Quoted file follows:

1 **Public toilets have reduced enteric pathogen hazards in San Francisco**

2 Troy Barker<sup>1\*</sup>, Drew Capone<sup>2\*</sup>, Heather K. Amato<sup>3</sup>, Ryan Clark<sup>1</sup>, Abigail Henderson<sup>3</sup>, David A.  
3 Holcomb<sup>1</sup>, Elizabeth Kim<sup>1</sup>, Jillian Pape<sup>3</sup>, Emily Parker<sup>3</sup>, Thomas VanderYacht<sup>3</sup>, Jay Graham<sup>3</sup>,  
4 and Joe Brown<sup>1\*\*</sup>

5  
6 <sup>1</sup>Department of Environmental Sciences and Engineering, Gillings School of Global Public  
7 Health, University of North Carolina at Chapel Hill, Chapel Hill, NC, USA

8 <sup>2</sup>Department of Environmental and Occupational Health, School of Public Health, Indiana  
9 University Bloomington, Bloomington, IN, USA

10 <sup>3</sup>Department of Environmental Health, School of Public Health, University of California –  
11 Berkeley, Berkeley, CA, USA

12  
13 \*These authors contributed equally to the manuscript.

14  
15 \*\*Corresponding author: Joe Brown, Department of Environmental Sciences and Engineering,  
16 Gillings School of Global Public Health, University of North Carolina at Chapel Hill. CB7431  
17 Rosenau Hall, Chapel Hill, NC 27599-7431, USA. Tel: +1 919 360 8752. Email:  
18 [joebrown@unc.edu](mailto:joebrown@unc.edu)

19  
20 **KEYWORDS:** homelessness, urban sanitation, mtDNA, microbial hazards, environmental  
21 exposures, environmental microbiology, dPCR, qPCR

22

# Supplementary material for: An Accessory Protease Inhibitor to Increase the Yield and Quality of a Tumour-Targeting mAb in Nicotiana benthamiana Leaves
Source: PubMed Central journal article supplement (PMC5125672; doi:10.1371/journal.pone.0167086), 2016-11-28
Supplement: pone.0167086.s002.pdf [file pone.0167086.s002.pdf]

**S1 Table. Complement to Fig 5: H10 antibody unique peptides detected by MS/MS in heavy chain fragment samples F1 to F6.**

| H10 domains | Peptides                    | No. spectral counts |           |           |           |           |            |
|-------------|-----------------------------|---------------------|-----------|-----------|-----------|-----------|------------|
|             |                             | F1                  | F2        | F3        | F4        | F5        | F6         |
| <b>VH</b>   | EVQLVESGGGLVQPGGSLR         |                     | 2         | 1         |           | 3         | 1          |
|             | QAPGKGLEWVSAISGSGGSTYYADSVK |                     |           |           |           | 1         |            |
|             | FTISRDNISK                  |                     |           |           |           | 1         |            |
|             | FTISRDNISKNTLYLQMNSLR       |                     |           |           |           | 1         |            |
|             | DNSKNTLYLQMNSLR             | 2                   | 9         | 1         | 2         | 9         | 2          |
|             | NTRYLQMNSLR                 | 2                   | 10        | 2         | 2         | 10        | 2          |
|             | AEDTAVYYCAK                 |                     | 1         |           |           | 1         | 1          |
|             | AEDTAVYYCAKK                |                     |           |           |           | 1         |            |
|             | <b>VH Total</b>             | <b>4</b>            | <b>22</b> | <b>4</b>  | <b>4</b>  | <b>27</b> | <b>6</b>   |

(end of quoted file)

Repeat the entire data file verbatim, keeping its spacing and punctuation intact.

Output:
1 **Public toilets have reduced enteric pathogen hazards in San Francisco**

2 Troy Barker<sup>1\*</sup>, Drew Capone<sup>2\*</sup>, Heather K. Amato<sup>3</sup>, Ryan Clark<sup>1</sup>, Abigail Henderson<sup>3</sup>, David A.  
3 Holcomb<sup>1</sup>, Elizabeth Kim<sup>1</sup>, Jillian Pape<sup>3</sup>, Emily Parker<sup>3</sup>, Thomas VanderYacht<sup>3</sup>, Jay Graham<sup>3</sup>,  
4 and Joe Brown<sup>1\*\*</sup>

5  
6 <sup>1</sup>Department of Environmental Sciences and Engineering, Gillings School of Global Public  
7 Health, University of North Carolina at Chapel Hill, Chapel Hill, NC, USA

8 <sup>2</sup>Department of Environmental and Occupational Health, School of Public Health, Indiana  
9 University Bloomington, Bloomington, IN, USA

10 <sup>3</sup>Department of Environmental Health, School of Public Health, University of California –  
11 Berkeley, Berkeley, CA, USA

12  
13 \*These authors contributed equally to the manuscript.

14  
15 \*\*Corresponding author: Joe Brown, Department of Environmental Sciences and Engineering,  
16 Gillings School of Global Public Health, University of North Carolina at Chapel Hill. CB7431  
17 Rosenau Hall, Chapel Hill, NC 27599-7431, USA. Tel: +1 919 360 8752. Email:  
18 [joebrown@unc.edu](mailto:joebrown@unc.edu)

19  
20 **KEYWORDS:** homelessness, urban sanitation, mtDNA, microbial hazards, environmental  
21 exposures, environmental microbiology, dPCR, qPCR

22

# Supplementary material for: An Accessory Protease Inhibitor to Increase the Yield and Quality of a Tumour-Targeting mAb in Nicotiana benthamiana Leaves
Source: PubMed Central journal article supplement (PMC5125672; doi:10.1371/journal.pone.0167086), 2016-11-28
Supplement: pone.0167086.s002.pdf [file pone.0167086.s002.pdf]

**S1 Table. Complement to Fig 5: H10 antibody unique peptides detected by MS/MS in heavy chain fragment samples F1 to F6.**

| H10 domains | Peptides                    | No. spectral counts |           |           |           |           |            |
|-------------|-----------------------------|---------------------|-----------|-----------|-----------|-----------|------------|
|             |                             | F1                  | F2        | F3        | F4        | F5        | F6         |
| <b>VH</b>   | EVQLVESGGGLVQPGGSLR         |                     | 2         | 1         |           | 3         | 1          |
|             | QAPGKGLEWVSAISGSGGSTYYADSVK |                     |           |           |           | 1         |            |
|             | FTISRDNISK                  |                     |           |           |           | 1         |            |
|             | FTISRDNISKNTLYLQMNSLR       |                     |           |           |           | 1         |            |
|             | DNSKNTLYLQMNSLR             | 2                   | 9         | 1         | 2         | 9         | 2          |
|             | NTRYLQMNSLR                 | 2                   | 10        | 2         | 2         | 10        | 2          |
|             | AEDTAVYYCAK                 |                     | 1         |           |           | 1         | 1          |
|             | AEDTAVYYCAKK                |                     |           |           |           | 1         |            |
|             | <b>VH Total</b>             | <b>4</b>            | <b>22</b> | <b>4</b>  | <b>4</b>  | <b>27</b> | <b>6</b>   |